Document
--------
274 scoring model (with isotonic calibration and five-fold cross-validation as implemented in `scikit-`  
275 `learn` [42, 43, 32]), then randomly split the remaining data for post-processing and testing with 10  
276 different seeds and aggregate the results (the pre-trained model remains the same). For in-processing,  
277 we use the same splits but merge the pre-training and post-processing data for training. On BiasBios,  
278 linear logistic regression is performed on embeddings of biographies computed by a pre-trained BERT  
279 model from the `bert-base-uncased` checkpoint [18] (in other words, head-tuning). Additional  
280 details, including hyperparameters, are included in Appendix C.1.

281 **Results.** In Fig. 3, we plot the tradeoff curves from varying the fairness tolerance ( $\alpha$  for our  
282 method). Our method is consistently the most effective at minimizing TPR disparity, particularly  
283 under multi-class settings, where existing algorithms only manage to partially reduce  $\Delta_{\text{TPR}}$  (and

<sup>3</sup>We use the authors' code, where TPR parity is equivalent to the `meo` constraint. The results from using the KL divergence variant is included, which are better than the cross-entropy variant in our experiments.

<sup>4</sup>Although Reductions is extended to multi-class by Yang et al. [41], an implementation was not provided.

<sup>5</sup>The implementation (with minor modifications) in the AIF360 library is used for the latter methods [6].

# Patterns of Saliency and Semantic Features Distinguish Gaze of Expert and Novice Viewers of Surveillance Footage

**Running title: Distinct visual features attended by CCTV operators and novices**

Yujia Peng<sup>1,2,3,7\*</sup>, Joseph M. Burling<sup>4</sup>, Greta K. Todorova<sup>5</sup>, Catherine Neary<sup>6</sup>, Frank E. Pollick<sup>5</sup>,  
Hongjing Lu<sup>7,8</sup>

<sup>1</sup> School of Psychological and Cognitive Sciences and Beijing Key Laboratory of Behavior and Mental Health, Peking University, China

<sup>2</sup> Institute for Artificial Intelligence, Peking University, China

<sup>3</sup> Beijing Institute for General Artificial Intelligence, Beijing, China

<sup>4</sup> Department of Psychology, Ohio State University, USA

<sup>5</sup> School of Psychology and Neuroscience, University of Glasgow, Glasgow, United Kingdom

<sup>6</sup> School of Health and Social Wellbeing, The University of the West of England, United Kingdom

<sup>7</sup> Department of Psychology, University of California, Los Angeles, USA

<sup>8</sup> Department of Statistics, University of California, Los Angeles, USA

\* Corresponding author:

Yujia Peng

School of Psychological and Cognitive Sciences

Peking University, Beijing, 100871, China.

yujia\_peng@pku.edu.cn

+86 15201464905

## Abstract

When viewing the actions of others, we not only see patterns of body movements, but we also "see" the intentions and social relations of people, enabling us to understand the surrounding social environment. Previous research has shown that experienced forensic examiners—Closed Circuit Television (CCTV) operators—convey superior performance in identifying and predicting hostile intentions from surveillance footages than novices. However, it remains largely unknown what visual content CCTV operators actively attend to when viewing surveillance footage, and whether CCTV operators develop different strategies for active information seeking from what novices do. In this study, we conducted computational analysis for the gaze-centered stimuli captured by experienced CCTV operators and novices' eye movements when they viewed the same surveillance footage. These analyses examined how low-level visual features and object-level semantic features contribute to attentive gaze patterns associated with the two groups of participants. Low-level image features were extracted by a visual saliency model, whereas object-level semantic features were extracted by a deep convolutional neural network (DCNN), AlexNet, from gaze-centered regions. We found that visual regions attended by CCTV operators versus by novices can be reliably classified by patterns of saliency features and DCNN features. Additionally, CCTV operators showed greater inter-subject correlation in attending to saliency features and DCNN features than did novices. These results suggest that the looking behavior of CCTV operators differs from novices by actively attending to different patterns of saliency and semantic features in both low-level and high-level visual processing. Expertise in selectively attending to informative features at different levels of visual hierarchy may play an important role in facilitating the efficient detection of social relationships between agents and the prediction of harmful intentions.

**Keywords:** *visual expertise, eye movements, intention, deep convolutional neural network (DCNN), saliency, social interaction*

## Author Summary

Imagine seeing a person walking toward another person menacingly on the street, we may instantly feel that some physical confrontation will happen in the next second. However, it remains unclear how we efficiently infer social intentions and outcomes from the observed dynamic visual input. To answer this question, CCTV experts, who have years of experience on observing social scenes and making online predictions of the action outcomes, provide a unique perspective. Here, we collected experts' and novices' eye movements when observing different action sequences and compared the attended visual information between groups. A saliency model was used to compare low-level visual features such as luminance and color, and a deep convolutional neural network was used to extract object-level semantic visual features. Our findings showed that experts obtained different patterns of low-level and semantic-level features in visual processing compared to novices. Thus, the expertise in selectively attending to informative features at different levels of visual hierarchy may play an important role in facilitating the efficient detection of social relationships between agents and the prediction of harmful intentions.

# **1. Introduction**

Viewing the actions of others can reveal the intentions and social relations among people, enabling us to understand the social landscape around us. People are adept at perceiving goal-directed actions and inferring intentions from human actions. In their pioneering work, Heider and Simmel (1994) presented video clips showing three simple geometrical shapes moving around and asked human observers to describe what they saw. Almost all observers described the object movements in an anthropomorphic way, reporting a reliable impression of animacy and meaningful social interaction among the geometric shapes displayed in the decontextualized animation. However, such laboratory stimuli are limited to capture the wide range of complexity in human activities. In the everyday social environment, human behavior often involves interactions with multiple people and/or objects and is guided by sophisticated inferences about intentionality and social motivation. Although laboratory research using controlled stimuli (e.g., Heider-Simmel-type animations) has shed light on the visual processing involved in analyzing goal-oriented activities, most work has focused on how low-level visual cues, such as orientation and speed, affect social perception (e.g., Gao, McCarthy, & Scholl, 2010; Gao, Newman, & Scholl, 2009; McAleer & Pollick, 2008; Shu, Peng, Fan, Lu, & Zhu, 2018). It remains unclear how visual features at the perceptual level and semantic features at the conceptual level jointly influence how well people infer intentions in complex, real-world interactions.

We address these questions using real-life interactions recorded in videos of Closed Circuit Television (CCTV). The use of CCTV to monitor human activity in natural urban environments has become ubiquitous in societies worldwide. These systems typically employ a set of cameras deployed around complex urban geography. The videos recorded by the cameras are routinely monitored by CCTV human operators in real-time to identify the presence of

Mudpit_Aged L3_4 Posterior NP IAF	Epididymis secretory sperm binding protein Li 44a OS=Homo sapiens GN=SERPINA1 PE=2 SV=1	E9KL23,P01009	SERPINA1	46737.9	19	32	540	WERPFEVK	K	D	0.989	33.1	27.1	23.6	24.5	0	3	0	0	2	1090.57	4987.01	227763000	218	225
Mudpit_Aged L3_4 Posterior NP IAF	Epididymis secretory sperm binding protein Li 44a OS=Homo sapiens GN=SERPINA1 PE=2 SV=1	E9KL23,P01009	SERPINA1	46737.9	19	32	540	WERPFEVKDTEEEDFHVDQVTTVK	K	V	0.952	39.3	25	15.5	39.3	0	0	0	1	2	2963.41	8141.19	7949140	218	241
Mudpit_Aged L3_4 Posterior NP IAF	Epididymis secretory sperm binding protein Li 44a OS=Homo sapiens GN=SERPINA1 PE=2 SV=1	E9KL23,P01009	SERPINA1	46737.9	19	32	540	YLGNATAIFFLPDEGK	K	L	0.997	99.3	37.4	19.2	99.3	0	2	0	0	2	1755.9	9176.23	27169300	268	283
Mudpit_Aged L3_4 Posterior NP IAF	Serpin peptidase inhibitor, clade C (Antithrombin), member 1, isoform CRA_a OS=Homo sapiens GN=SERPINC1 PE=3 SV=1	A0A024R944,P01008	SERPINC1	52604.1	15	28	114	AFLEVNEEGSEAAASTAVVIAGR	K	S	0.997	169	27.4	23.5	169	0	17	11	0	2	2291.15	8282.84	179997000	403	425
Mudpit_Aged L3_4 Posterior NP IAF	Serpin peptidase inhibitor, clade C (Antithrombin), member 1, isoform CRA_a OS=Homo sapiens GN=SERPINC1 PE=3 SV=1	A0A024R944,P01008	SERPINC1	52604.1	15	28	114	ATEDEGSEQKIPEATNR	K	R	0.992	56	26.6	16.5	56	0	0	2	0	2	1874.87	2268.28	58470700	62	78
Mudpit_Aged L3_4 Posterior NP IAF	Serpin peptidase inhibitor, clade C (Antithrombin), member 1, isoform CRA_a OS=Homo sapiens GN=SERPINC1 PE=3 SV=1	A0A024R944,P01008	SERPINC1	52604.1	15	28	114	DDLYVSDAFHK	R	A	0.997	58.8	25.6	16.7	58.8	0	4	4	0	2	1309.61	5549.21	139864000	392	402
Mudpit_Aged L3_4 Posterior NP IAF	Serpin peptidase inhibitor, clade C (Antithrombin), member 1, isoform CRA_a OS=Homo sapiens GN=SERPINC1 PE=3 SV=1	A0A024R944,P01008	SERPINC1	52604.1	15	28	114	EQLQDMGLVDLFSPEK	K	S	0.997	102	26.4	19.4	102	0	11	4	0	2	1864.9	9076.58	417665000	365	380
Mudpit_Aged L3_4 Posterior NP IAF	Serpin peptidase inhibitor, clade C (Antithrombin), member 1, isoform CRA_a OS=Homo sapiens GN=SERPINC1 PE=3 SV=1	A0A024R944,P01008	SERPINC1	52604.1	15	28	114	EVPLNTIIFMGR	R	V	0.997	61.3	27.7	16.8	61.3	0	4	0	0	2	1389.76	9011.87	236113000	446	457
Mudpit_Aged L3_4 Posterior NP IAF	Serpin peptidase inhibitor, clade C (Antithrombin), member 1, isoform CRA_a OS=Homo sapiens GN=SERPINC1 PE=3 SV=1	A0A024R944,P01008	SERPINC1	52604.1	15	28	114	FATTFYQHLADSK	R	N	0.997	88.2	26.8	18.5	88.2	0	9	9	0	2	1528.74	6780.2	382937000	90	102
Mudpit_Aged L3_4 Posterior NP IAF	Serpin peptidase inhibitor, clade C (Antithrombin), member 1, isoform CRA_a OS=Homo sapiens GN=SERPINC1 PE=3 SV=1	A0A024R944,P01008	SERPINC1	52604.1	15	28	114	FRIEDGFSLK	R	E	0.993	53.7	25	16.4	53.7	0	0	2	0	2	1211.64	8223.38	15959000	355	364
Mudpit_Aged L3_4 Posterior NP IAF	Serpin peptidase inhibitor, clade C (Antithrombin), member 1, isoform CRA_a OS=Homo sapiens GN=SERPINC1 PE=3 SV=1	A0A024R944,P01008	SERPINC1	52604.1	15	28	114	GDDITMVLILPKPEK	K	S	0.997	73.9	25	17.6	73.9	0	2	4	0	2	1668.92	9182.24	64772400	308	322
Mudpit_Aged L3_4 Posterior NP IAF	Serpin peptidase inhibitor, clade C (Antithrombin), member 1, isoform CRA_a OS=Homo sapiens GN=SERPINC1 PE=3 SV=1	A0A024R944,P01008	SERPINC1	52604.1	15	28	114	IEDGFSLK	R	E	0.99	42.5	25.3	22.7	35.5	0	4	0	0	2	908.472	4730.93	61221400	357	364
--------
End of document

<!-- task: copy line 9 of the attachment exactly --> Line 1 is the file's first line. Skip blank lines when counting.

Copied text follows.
282 method). Our method is consistently the most effective at minimizing TPR disparity, particularly  